The Steve Bannon Shit Show (2017–2017)

Here are some words I wrote around the time when Steve Bannon was first being considered for a role as White House adviser:

When Hannah Arendt wrote about the “banality of evil,” she was referring to men like Steve Bannon. Because he looks like the dad in a Gap Kids ad, the national media is loathe to classify him as a white nationalist, an anti-Semite, unrepentant misogynist and race-baiter extraordinaire. America likes its racists to be florid and flamboyant: wearing white pointed hoods, burning crosses, that sort of thing. In the minds of some members of White America, an individual like Bannon can’t possibly be racist because he never uttered the n-word in public or was seen reading Mein Kampf. Today’s alt-right white nationalists are canny enough not to tip off mainstream America to their bigotry by eschewing the buzzwords we commonly associate with racism; hell, they even have their own secret language where terms like “cucks” are bandied about to throw “normies” off the scent of their fetid hatred. It’d be adorable if it wasn’t so fucking frightening.

Speaking from personal experience, the racists I’ve encountered in my life look and sound a lot more like Bannon than, say, David Duke. You can smell a Duke coming a mile away, but a dude like Bannon might laugh with you, put his arm paternally around your shoulder while concealing (not too well, though) the full extent of his disgust for you. Unassuming guys like Bannon can fuck with your racial Spidey sense because they can make a comment that seems fairly innocuous until you examine it later and realize that they left a slow-detonating bomb in your chest. When I moved down South several years ago, I feared encountering the outsized racists you see in movies and TV, but by and large that hasn’t been the case. I mean, don’t get me wrong, I’ve met racists here but they’re more Bannon-like except with a slight twang and a love of Tex-Mex food. They aren’t much better or worse than the racists you see up North, “respectable” men and women in crisp khakis who smile in your face by day and mutter at night to their spouses that you wished people like me didn’t live in their neighborhood. But at least they had the good grace not to literally spit in your face, right?

Just some things to think about as you hear the press try to normalize Steve Bannon as a White House senior adviser.

With the announcement that Bannon will be leaving the White House effective immediately, I’m happy to have the opportunity to write the coda to his brief yet rancorous career in public service. When Bannon was first tapped, he outlined an ambitious agenda to revolutionize the federal government that sent a chill down the collective spines of liberals and progressives. Arguably his most high-profile policy initiative was the Muslim travel ban that sought to bar immigrants from six Muslim-majority countries. Despite several efforts to get it passed in the courts, the ban suffered a number of resounding defeats until the Supreme Court passed it on a provisional basis barring a full review this fall. Though this decision by the Court is no doubt depressing, one finds comfort in the fact that the precedent set by the lower courts will have some sway.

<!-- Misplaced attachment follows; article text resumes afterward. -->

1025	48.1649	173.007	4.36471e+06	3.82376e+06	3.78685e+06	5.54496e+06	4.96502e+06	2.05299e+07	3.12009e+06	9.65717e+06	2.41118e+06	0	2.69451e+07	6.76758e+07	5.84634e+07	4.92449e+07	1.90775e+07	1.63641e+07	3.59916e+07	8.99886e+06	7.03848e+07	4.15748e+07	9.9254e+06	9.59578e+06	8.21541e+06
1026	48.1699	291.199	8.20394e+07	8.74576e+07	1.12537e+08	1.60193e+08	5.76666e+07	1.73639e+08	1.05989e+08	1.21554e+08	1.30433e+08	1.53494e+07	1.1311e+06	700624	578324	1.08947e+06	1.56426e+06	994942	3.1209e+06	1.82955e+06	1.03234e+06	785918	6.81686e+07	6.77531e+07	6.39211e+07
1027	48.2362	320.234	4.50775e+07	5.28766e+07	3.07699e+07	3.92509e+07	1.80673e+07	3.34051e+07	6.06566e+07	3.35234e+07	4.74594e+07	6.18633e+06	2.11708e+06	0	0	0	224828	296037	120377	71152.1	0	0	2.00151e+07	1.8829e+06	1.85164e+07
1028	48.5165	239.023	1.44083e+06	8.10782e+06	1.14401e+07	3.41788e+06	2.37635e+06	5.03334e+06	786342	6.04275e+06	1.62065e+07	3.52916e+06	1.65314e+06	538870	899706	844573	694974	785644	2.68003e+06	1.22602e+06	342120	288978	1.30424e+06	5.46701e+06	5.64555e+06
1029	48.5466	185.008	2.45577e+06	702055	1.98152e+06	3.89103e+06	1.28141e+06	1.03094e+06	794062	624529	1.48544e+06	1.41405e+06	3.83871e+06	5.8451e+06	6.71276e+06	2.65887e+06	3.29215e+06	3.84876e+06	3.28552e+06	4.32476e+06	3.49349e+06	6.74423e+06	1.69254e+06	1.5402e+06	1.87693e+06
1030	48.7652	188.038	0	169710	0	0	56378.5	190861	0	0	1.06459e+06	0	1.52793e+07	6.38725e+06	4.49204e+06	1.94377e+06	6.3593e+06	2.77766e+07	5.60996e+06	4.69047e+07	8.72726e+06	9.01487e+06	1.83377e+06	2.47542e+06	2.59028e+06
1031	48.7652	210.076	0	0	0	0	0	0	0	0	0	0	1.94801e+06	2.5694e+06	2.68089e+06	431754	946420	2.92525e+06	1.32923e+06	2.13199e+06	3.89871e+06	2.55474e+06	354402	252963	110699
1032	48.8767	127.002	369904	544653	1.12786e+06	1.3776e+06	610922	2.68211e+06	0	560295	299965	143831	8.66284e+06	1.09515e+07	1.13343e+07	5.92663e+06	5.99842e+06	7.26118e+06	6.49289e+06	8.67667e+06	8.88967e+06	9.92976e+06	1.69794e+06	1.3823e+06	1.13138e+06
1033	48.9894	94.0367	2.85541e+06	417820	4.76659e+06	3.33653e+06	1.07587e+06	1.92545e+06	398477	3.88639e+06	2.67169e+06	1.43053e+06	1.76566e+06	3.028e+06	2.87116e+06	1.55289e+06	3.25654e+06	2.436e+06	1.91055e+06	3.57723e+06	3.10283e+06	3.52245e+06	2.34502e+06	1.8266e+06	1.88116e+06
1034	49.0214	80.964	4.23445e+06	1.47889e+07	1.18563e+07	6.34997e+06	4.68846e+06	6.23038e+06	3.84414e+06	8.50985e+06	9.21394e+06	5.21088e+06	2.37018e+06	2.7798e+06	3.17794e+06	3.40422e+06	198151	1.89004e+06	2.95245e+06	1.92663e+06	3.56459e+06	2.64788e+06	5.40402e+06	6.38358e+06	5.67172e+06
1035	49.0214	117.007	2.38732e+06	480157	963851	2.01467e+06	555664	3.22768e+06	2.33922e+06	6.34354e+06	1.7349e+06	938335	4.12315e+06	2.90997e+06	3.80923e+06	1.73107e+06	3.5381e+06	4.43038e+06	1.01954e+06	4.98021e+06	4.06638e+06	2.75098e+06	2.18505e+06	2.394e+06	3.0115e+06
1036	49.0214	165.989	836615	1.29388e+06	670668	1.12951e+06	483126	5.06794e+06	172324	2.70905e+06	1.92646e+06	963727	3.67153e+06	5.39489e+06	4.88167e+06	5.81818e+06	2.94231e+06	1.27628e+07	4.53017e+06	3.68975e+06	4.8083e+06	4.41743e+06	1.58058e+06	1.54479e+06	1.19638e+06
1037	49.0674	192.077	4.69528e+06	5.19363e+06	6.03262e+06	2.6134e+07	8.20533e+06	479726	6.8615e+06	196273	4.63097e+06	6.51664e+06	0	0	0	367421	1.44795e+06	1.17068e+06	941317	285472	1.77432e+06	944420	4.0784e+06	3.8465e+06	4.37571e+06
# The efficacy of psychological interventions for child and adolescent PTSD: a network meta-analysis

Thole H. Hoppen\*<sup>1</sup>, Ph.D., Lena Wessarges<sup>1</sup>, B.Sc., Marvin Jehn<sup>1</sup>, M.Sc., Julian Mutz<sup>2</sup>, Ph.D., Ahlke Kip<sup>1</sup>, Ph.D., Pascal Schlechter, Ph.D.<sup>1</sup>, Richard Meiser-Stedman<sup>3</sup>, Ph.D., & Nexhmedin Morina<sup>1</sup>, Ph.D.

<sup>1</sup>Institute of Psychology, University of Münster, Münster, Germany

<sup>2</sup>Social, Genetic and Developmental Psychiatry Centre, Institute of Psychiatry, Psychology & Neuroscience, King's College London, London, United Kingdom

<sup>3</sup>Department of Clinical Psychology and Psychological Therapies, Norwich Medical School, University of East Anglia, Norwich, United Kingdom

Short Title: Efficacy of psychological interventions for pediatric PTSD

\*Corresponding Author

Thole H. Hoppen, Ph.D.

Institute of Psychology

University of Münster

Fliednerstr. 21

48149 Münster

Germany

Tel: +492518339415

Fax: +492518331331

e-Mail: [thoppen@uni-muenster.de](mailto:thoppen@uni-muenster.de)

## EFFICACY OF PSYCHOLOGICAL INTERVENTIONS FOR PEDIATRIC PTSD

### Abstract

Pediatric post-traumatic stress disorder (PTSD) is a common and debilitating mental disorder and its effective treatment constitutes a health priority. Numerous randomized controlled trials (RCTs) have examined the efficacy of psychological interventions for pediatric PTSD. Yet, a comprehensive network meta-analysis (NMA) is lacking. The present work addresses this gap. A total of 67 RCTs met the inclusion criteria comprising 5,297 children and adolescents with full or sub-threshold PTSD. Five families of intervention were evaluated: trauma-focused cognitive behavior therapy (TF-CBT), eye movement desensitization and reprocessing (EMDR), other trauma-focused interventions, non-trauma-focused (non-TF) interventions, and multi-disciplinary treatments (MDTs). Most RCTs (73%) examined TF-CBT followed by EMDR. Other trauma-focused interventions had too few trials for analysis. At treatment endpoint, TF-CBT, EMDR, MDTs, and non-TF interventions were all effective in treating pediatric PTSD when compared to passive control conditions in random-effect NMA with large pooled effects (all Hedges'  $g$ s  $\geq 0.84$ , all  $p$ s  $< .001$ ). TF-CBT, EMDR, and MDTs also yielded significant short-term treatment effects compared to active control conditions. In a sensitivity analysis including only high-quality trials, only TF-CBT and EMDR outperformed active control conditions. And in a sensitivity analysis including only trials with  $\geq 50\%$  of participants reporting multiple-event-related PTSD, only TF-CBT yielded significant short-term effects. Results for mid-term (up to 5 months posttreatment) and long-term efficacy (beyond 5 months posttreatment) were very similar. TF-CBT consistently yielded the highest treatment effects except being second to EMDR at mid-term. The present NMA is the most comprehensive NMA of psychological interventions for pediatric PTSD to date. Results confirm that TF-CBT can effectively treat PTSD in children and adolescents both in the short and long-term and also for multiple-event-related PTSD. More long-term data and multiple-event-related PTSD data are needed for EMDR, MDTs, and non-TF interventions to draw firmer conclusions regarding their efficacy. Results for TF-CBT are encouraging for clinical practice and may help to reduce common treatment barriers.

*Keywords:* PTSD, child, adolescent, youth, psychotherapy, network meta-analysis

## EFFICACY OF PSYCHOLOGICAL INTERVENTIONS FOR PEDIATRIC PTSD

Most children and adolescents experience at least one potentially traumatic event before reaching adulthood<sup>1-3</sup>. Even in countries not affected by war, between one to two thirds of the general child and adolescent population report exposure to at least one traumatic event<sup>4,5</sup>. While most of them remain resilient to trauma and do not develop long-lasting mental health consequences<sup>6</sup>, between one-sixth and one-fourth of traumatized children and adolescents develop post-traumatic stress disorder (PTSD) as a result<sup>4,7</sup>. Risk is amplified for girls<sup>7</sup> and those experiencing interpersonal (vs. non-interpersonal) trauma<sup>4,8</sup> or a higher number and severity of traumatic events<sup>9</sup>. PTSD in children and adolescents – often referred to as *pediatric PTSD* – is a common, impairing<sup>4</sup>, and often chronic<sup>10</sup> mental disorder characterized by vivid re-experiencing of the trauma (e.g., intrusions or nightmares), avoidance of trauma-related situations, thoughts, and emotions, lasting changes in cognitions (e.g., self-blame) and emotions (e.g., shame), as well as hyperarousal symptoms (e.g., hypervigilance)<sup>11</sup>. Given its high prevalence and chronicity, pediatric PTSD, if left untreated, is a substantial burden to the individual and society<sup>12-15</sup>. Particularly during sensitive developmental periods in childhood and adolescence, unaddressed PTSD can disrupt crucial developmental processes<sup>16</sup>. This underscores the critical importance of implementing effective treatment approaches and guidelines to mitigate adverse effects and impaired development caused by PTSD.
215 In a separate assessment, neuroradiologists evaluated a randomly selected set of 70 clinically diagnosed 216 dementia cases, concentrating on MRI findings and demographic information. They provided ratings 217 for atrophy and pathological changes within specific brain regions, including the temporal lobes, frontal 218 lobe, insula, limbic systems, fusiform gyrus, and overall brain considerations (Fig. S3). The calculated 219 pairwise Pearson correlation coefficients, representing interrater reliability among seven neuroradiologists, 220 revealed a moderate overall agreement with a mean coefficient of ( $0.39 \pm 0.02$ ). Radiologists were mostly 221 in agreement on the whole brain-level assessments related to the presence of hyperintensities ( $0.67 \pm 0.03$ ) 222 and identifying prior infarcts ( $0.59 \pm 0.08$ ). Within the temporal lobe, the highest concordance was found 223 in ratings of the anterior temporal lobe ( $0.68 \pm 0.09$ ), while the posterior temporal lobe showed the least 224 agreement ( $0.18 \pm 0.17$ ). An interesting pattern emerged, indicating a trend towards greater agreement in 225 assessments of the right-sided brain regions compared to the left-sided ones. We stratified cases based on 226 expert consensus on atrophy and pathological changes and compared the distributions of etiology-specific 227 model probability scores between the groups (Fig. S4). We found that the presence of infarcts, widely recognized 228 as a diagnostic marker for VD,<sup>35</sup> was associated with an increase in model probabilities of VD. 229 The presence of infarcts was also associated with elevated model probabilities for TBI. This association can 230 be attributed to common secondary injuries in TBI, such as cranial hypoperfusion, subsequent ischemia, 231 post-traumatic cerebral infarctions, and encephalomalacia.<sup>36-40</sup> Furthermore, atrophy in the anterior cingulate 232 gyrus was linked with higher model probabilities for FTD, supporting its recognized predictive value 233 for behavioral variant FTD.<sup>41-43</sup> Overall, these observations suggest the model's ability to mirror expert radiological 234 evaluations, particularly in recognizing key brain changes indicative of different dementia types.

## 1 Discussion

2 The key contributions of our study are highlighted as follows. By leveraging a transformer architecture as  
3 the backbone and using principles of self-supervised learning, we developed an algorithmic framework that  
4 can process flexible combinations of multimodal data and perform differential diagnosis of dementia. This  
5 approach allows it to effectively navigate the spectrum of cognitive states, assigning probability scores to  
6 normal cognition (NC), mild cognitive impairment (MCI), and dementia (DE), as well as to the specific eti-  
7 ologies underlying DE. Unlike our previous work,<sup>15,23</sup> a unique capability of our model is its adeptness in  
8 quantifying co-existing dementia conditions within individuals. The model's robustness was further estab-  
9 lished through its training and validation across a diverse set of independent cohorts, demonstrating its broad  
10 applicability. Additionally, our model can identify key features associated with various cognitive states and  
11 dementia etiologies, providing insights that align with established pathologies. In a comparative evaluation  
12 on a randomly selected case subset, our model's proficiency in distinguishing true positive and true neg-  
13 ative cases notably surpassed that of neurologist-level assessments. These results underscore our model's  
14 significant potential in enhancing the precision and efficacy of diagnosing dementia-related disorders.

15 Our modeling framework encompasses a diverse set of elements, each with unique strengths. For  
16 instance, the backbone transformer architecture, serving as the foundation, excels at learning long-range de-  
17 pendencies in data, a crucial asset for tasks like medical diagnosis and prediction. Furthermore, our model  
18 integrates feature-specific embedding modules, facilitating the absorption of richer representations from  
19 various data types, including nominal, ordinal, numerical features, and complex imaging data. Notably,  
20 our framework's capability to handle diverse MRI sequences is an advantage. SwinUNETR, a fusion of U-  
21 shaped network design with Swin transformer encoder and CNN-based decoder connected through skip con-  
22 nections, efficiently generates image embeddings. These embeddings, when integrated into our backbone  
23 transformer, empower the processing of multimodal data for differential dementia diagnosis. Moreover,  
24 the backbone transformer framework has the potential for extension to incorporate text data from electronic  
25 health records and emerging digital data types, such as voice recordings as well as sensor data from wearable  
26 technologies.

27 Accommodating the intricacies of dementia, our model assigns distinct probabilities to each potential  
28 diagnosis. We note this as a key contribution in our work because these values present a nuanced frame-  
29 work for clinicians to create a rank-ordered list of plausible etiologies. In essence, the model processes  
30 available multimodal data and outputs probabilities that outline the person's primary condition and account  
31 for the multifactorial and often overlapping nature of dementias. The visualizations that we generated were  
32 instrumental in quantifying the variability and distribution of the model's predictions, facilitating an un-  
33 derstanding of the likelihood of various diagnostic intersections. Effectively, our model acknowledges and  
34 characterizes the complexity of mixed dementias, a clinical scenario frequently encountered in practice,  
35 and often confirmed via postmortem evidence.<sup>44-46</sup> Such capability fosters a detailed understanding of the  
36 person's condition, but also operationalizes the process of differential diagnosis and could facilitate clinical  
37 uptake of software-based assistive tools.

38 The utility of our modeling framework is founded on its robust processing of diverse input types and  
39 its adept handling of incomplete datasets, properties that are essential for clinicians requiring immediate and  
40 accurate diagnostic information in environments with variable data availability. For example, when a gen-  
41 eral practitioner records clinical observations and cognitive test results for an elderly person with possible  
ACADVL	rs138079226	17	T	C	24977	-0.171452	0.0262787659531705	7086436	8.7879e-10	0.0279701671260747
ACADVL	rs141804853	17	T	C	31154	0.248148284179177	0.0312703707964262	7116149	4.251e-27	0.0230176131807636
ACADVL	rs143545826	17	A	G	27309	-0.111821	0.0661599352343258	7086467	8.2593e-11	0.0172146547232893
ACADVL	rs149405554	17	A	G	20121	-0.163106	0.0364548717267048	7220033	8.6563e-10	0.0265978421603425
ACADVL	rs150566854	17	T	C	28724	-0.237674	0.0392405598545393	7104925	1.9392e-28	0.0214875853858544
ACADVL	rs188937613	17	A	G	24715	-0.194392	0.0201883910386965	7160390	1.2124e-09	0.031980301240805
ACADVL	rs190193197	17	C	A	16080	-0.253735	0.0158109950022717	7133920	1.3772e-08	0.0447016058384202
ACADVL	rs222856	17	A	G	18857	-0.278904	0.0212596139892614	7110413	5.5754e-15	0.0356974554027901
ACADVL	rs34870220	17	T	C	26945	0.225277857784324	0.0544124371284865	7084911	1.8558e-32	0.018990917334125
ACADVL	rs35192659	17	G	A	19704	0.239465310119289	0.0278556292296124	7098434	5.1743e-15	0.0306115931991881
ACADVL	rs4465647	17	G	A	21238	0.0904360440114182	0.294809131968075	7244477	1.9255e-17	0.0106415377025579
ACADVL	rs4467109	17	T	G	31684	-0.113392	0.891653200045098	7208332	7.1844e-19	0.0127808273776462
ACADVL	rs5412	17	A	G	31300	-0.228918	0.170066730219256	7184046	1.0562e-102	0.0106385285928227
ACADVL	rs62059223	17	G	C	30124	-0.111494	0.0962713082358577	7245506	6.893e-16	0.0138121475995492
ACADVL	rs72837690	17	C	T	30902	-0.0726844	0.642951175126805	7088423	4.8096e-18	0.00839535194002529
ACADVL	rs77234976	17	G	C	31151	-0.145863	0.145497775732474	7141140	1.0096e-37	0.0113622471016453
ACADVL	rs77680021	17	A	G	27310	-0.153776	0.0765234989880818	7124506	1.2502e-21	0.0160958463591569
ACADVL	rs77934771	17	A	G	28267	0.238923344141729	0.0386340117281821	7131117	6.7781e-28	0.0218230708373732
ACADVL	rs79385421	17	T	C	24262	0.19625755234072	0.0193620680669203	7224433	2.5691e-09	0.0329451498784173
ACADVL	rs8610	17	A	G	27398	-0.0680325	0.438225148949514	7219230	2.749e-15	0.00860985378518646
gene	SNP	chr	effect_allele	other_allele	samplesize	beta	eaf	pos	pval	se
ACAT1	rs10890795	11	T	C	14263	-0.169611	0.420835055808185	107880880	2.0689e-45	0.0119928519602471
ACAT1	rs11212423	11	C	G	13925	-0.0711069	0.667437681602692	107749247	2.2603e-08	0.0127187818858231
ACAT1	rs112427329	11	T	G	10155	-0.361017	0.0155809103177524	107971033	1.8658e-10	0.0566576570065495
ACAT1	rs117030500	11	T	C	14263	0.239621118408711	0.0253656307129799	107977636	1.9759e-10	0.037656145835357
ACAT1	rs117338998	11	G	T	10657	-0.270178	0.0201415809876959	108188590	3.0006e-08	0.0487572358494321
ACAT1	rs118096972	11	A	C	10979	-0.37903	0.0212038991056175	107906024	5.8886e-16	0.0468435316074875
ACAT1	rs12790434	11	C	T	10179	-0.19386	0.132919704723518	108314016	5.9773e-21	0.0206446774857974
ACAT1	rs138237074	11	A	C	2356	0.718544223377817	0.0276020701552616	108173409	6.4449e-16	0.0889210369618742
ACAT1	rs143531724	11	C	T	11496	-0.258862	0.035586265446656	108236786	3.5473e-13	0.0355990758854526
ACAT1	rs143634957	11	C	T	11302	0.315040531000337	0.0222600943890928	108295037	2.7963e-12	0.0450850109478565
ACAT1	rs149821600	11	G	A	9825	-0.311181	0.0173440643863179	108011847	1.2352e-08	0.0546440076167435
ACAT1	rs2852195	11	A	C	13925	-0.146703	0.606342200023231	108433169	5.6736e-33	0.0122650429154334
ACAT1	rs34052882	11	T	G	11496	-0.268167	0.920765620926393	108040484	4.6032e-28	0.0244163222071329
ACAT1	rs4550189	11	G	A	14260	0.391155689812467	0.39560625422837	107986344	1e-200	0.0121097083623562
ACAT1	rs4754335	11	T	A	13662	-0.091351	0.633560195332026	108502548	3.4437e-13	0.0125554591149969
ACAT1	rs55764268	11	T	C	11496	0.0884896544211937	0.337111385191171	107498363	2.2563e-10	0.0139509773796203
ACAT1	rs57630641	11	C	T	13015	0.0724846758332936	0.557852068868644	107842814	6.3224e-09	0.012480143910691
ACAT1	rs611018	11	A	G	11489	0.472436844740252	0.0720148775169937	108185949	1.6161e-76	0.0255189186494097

During his time in public life, Bannon was a highly divisive figure whose infamous past as executive chair of the noxious Brietbart News made him ill-suited to be White House adviser. Though this is just speculation, the final straw may have been a contentious interview Bannon recently gave The American Prospect in which he admitted that his boss was bluffing when he threatened military action in North Korea and taunted the Democrats’ focus on “identity politics.” It seems unlikely that the president was upset about Bannon’s jibes at the Democrats — he probably chortled along with his underling on that score — but it’s quite possible that the thin-skinned one chafed at the North Korea talk and decided to cut bait on his influential adviser.

No matter how it went down, Bannon’s ouster from the White House is a moment that should be celebrated. Still, this news doesn’t call for the sort of flexible sexual gymnastics that Bannon is reportedly capable of. The Justice Department is still helmed by a man with an extensive history of practicing legal racial discrimination and who was censured by no less than Correta Scott King herself. This administration still employs a senior adviser who has espoused white nationalist views in the past and who recently mocked the Emma Lazarus poem located on the pedestal of the Statue of Liberty. The president has a deputy assistant with an academic and policymaking career steeped in white nationalist and Islamophobic rhetoric. And we haven’t even gotten to the Racist-in-Chief himself, whose own bigoted statements are so extensive and well-known at this point that they hardly need repeating.

Even without Bannon, this administration won’t be significantly less racist, sexist, homophobic, or xenophobic. The real source of intrigue and speculation centers around Bannon’s post-Trump plans and how they might further destabilize an already toppling White House. Soon after Bannon’s ouster, his former employer Breitbart expressed its displeasure and threatened to “go thermonuclear” against the administration. That sort of talk prompts the following reaction from yours truly:

The views expressed here do not reflect those of management.